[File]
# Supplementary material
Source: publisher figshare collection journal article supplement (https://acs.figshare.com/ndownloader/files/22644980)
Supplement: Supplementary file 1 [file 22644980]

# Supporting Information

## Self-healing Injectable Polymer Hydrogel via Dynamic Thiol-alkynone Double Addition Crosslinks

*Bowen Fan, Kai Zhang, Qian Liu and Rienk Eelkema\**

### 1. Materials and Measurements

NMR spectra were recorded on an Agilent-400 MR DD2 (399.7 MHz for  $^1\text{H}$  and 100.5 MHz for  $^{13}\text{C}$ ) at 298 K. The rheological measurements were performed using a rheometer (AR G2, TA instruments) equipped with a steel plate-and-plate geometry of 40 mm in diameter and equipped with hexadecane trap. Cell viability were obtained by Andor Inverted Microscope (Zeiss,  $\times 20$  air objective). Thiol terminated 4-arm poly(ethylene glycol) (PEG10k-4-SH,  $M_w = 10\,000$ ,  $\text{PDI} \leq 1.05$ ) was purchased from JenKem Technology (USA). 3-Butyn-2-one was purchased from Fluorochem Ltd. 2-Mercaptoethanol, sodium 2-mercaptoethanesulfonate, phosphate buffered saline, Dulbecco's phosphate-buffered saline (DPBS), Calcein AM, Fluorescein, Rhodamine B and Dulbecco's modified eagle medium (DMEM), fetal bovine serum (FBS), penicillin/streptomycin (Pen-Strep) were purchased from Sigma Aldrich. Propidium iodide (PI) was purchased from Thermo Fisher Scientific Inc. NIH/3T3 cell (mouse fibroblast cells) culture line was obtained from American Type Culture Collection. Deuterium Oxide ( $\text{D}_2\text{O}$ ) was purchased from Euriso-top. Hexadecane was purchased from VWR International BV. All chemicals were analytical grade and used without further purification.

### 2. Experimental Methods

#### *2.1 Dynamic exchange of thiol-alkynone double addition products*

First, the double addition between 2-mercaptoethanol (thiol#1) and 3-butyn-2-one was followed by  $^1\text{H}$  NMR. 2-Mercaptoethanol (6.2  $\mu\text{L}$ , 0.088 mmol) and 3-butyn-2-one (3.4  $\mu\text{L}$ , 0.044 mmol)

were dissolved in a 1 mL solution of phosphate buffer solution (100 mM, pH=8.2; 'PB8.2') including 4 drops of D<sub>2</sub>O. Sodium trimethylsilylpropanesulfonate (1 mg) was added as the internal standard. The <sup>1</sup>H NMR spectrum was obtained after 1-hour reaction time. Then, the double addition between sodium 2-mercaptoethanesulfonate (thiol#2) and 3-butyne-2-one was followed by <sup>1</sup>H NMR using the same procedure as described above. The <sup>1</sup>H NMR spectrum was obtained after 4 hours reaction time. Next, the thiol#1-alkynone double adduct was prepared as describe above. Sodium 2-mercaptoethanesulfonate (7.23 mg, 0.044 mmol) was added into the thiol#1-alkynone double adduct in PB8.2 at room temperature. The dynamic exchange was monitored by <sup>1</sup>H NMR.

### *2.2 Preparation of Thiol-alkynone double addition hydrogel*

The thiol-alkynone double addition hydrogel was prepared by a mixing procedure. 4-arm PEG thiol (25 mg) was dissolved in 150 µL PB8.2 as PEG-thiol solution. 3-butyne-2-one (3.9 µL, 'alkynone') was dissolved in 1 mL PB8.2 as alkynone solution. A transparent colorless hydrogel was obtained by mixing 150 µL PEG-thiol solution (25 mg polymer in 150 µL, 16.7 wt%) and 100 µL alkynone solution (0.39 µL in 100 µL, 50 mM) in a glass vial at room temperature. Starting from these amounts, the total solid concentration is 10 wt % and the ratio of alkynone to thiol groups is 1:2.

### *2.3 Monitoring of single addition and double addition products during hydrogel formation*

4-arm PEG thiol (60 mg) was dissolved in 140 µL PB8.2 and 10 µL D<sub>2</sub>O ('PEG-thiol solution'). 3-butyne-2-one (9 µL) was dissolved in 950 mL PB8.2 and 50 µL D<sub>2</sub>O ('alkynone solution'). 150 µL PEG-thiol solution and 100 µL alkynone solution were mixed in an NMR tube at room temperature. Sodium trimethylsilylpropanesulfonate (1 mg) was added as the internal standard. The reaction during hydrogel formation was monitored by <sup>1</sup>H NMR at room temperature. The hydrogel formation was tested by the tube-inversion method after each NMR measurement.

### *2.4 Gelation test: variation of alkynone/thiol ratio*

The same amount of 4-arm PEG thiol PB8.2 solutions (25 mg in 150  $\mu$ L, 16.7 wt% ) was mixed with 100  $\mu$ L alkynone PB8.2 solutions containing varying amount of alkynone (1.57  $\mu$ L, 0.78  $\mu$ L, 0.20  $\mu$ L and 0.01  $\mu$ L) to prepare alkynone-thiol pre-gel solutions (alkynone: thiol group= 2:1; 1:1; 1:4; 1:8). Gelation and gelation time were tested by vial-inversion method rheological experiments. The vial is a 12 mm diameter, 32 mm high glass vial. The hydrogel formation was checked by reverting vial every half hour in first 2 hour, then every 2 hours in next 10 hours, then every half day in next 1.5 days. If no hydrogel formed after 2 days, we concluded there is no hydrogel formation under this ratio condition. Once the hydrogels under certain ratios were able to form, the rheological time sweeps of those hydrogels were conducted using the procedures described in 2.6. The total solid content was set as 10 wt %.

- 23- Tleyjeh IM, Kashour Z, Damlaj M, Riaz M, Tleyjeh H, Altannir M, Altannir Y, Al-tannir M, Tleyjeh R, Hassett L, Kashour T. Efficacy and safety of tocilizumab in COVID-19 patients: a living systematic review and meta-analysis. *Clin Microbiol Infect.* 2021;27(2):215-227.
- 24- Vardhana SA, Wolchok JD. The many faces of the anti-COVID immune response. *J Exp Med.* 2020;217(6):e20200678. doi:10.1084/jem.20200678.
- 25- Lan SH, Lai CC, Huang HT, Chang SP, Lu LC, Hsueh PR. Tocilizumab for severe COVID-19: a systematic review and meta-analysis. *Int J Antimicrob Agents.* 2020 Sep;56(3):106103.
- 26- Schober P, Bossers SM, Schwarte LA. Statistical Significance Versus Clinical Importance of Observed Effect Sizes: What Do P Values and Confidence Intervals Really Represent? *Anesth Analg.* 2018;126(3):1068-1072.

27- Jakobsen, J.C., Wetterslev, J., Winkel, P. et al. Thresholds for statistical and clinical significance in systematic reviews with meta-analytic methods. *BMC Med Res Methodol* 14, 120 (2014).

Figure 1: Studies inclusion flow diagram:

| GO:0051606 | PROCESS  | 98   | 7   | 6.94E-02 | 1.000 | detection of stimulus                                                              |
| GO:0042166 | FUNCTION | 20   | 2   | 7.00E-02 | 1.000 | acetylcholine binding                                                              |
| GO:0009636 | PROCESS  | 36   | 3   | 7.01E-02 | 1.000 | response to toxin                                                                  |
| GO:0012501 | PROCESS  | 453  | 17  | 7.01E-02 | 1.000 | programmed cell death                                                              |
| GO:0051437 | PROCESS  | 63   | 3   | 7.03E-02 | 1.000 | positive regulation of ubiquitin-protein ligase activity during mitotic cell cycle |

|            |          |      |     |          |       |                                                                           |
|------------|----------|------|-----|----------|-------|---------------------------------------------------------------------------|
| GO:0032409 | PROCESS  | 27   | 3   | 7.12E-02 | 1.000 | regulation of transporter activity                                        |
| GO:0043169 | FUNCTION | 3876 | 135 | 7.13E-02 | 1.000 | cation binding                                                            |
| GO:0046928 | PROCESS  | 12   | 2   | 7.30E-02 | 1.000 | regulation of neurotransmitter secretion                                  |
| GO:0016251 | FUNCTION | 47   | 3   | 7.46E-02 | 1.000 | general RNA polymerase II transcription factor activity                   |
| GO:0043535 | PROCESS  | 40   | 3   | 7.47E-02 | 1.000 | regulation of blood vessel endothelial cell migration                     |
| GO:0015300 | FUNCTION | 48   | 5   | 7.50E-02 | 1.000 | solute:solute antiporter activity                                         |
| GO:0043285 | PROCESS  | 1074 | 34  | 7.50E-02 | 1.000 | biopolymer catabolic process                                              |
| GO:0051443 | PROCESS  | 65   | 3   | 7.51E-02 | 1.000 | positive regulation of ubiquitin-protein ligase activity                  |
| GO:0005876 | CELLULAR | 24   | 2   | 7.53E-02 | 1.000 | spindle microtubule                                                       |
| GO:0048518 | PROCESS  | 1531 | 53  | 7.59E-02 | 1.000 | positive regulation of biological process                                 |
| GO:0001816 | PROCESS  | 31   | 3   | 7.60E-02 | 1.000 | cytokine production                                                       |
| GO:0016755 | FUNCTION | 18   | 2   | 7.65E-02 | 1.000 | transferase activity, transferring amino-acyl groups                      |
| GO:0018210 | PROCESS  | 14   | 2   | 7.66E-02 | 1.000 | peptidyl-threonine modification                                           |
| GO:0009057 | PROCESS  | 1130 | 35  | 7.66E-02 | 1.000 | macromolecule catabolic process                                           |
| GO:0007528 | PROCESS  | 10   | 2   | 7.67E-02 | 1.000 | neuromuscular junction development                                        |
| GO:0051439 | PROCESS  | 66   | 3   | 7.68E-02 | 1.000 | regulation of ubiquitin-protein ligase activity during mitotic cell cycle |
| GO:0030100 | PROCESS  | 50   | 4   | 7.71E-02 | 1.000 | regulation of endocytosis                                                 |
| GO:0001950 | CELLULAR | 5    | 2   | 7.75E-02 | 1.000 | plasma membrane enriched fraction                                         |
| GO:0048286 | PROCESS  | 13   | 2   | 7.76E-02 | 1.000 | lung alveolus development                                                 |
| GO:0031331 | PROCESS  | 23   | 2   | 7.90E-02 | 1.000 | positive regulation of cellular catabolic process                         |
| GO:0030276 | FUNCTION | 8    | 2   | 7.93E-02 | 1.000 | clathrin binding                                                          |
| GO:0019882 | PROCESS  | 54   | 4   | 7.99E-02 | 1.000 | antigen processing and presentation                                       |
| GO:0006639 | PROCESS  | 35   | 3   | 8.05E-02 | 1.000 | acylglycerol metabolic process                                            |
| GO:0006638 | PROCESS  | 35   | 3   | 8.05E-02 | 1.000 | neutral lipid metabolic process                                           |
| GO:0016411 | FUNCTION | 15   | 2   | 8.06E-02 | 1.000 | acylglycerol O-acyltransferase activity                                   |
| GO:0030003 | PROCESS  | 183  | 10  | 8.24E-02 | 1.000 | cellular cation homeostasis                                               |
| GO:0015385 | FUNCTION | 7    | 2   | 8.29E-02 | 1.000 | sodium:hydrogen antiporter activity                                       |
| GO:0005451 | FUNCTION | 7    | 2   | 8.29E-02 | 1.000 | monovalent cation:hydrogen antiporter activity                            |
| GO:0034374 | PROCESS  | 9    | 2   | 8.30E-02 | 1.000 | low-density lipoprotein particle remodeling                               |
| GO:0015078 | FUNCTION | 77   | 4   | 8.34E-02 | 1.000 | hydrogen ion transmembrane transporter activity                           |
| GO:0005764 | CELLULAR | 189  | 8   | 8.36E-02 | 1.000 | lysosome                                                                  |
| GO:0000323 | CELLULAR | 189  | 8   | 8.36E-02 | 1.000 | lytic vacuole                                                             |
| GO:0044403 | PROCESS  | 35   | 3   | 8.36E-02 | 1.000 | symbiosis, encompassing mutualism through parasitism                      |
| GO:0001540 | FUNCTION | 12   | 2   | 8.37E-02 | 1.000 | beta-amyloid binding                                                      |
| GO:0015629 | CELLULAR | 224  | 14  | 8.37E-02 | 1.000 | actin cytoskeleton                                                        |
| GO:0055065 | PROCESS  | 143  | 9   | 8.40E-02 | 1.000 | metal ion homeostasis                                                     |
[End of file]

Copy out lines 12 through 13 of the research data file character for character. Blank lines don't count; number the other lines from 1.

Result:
were dissolved in a 1 mL solution of phosphate buffer solution (100 mM, pH=8.2; 'PB8.2') including 4 drops of D<sub>2</sub>O. Sodium trimethylsilylpropanesulfonate (1 mg) was added as the internal standard. The <sup>1</sup>H NMR spectrum was obtained after 1-hour reaction time. Then, the double addition between sodium 2-mercaptoethanesulfonate (thiol#2) and 3-butyne-2-one was followed by <sup>1</sup>H NMR using the same procedure as described above. The <sup>1</sup>H NMR spectrum was obtained after 4 hours reaction time. Next, the thiol#1-alkynone double adduct was prepared as describe above. Sodium 2-mercaptoethanesulfonate (7.23 mg, 0.044 mmol) was added into the thiol#1-alkynone double adduct in PB8.2 at room temperature. The dynamic exchange was monitored by <sup>1</sup>H NMR.

### *2.2 Preparation of Thiol-alkynone double addition hydrogel*